Dyspraxia and Social Skills

As those of you who read my blog will know, I’ve brought up how dyspraxia can affect you in social situations many times as it is one of the least understood aspects of dyspraxia (and as I have mentioned before, it is more commonly associated with autism). It has now been voted as the topic for members of the Dyspraxia Foundation’s Youth Focus Group to discuss, so this blog post will be specifically about dyspraxia and social skills.

Social skills is one of those aspects of dyspraxia, where unlike motor skills, is not a required difficulty for you to experience in order to be diagnosed with dyspraxia. If dyspraxia was a recipe, difficulties with motor skills would be the main essential ingredient that everyone immediately thinks of. Difficulties with social skills, however, would be the ingredient that isn’t necessary – it isn’t always there and can vary in it’s amounts, but when it is there it does make a difference.

For many of us with dyspraxia, social skills just don’t come as naturally and as easily to us as they do to others. There are quite a number of situations where I just don’t know how to naturally respond – it’s like I should know, but I just don’t. For this reason, I often find myself preparing in my head what to say beforehand if I know a particular situation is coming up. I’ve even asked my Dad before “If they say this, what should I say?”

Although sometimes in social situations I simply do not know what to say at all, there are also times when I just can’t think of what to say quickly enough. This is due to our slower thought processes. Personally I find large groups more difficult due to this. The conversation is going so quickly and between so many different people that it is hard to simply keep up with it at times. If I then think of something to say and how to word it etc., the group will quite often have gone past that point and onto another topic already! Even judging when it is the right time to interject can be difficult too.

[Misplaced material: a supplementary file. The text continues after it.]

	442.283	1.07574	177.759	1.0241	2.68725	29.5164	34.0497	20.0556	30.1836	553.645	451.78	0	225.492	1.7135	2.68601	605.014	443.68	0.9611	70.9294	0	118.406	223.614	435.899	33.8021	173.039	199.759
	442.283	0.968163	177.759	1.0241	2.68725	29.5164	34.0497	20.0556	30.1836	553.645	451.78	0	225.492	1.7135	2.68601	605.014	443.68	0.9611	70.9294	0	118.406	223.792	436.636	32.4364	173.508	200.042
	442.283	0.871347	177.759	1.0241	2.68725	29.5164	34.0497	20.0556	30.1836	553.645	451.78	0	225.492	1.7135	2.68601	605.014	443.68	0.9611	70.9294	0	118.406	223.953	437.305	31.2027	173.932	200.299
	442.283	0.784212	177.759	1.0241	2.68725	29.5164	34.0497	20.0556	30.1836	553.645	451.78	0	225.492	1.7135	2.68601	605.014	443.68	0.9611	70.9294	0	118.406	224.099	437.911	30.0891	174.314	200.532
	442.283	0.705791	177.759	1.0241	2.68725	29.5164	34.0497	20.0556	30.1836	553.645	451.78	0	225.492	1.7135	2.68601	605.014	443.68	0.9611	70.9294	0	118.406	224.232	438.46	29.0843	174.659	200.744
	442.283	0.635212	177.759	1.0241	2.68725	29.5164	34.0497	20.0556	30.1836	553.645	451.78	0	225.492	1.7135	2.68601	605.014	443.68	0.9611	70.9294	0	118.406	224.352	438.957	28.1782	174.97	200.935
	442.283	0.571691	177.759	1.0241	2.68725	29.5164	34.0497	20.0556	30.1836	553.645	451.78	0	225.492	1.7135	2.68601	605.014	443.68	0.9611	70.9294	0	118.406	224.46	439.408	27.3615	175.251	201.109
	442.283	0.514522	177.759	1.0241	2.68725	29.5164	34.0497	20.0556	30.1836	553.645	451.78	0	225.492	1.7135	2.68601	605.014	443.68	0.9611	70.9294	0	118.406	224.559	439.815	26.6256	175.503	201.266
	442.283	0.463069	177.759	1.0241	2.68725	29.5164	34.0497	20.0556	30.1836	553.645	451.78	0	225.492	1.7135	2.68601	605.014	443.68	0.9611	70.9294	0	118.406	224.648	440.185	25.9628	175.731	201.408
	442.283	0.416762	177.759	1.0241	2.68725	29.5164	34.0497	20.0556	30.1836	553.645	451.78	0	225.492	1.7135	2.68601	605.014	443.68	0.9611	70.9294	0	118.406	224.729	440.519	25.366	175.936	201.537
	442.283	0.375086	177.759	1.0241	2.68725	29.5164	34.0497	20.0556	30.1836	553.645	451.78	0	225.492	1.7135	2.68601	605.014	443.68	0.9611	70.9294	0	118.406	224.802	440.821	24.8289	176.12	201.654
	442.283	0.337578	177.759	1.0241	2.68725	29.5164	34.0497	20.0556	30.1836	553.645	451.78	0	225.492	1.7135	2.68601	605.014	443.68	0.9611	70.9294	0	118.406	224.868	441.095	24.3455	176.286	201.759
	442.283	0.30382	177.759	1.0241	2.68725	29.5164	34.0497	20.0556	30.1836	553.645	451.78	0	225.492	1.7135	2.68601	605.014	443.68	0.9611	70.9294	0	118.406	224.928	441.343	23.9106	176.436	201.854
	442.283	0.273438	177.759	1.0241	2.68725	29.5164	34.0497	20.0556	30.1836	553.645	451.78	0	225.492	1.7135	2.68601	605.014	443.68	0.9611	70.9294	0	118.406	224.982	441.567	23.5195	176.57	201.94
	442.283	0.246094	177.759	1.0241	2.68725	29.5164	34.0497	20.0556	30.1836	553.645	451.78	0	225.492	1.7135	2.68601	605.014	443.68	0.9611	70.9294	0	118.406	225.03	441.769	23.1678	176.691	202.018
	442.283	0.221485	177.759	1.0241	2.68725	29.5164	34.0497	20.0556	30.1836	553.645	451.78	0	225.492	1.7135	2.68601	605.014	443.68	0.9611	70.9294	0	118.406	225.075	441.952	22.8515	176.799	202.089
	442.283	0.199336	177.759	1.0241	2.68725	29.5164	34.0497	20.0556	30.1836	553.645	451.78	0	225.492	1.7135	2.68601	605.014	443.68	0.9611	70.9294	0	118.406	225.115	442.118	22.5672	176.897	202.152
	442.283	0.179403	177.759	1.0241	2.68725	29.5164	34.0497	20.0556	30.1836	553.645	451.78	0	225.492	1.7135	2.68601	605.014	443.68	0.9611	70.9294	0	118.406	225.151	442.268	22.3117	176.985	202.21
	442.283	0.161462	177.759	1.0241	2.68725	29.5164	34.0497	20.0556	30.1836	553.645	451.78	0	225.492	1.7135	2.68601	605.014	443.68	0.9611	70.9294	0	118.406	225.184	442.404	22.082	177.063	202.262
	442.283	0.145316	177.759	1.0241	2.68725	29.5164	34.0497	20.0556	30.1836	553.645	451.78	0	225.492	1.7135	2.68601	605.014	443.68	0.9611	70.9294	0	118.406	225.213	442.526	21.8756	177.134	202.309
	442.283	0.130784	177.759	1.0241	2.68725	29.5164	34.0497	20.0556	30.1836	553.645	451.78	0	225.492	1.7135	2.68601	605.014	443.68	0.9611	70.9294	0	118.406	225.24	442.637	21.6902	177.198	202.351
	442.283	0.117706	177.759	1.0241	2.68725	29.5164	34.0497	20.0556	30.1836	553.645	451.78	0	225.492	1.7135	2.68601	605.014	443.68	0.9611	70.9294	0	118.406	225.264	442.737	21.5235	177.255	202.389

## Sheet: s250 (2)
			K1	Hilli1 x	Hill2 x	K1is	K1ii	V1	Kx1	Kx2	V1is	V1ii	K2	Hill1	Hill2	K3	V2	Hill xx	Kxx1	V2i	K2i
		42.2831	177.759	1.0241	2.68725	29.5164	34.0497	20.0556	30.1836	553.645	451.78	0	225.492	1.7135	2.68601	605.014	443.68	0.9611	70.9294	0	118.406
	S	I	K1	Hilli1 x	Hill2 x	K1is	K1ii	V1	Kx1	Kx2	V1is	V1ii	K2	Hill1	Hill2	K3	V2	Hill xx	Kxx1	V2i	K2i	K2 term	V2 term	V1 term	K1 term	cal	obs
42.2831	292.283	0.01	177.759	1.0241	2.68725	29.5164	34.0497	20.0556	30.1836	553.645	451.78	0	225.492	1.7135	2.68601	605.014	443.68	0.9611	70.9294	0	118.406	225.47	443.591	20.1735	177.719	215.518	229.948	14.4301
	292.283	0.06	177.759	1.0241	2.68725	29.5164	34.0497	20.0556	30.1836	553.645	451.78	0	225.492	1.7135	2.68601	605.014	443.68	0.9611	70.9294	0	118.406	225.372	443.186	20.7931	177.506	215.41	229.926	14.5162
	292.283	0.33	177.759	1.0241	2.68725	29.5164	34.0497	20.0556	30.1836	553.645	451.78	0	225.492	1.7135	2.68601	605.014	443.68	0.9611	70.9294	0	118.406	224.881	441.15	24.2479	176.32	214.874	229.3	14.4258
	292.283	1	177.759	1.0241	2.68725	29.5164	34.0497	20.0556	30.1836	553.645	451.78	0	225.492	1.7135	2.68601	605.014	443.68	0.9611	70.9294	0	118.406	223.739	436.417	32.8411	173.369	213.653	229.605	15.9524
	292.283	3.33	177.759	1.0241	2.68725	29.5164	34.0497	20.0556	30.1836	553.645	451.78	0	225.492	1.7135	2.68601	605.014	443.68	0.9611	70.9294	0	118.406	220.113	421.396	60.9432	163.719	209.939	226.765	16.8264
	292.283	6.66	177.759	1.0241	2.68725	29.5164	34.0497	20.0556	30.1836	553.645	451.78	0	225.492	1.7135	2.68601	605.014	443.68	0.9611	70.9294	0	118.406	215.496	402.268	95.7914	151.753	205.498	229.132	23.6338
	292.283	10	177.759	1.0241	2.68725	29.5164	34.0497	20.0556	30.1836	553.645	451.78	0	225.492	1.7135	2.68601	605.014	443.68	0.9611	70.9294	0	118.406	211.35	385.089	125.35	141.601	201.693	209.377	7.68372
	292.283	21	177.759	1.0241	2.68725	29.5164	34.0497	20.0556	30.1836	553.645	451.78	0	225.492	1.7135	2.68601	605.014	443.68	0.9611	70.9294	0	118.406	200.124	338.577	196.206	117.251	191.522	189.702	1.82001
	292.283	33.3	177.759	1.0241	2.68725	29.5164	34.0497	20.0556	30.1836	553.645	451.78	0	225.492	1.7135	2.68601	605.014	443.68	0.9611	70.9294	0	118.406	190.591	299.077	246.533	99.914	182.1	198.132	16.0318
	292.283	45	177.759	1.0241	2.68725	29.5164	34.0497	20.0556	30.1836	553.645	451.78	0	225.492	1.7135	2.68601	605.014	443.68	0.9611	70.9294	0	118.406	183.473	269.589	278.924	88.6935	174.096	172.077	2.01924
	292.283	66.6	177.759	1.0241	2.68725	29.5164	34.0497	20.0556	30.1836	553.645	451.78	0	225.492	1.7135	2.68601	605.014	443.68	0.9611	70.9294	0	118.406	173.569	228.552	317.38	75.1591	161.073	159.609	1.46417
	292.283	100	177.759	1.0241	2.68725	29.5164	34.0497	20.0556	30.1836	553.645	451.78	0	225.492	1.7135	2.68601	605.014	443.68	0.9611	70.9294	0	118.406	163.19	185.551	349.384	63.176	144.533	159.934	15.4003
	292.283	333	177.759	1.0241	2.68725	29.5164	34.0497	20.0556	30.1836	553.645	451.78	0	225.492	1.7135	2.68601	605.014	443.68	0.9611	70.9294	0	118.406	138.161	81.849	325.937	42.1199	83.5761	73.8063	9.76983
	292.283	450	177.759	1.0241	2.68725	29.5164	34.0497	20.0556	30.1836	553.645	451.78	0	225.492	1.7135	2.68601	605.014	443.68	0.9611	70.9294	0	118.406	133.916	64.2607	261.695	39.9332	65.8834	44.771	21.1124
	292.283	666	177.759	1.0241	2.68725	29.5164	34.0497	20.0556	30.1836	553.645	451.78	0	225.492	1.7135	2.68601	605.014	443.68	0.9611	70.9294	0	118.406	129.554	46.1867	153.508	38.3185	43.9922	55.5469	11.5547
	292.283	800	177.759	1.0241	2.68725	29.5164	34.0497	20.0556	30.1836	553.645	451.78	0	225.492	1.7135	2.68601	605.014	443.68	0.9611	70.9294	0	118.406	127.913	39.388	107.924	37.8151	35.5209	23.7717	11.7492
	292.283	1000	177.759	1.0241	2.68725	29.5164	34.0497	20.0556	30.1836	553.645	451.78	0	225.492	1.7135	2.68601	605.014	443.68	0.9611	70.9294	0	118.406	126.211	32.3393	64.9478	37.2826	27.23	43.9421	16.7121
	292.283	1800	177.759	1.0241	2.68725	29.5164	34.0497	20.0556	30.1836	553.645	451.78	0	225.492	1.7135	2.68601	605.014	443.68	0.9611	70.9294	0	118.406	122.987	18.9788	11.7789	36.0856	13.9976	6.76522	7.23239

Something that may help when you’re in a big group of people is to try just starting a conversation with the person next to you. It doesn’t matter that you’re not talking to the whole group straight away, it could end up turning into a discussion with the rest of the group anyway.

As I mentioned above, group conversations are a lot more difficult for me. On the other hand, when I’m in a smaller group/or just talking to one person, I quite often go on and on about one particular thing and don’t stop talking! That’s something I do sometimes worry about afterwards though, that I went on about something too much.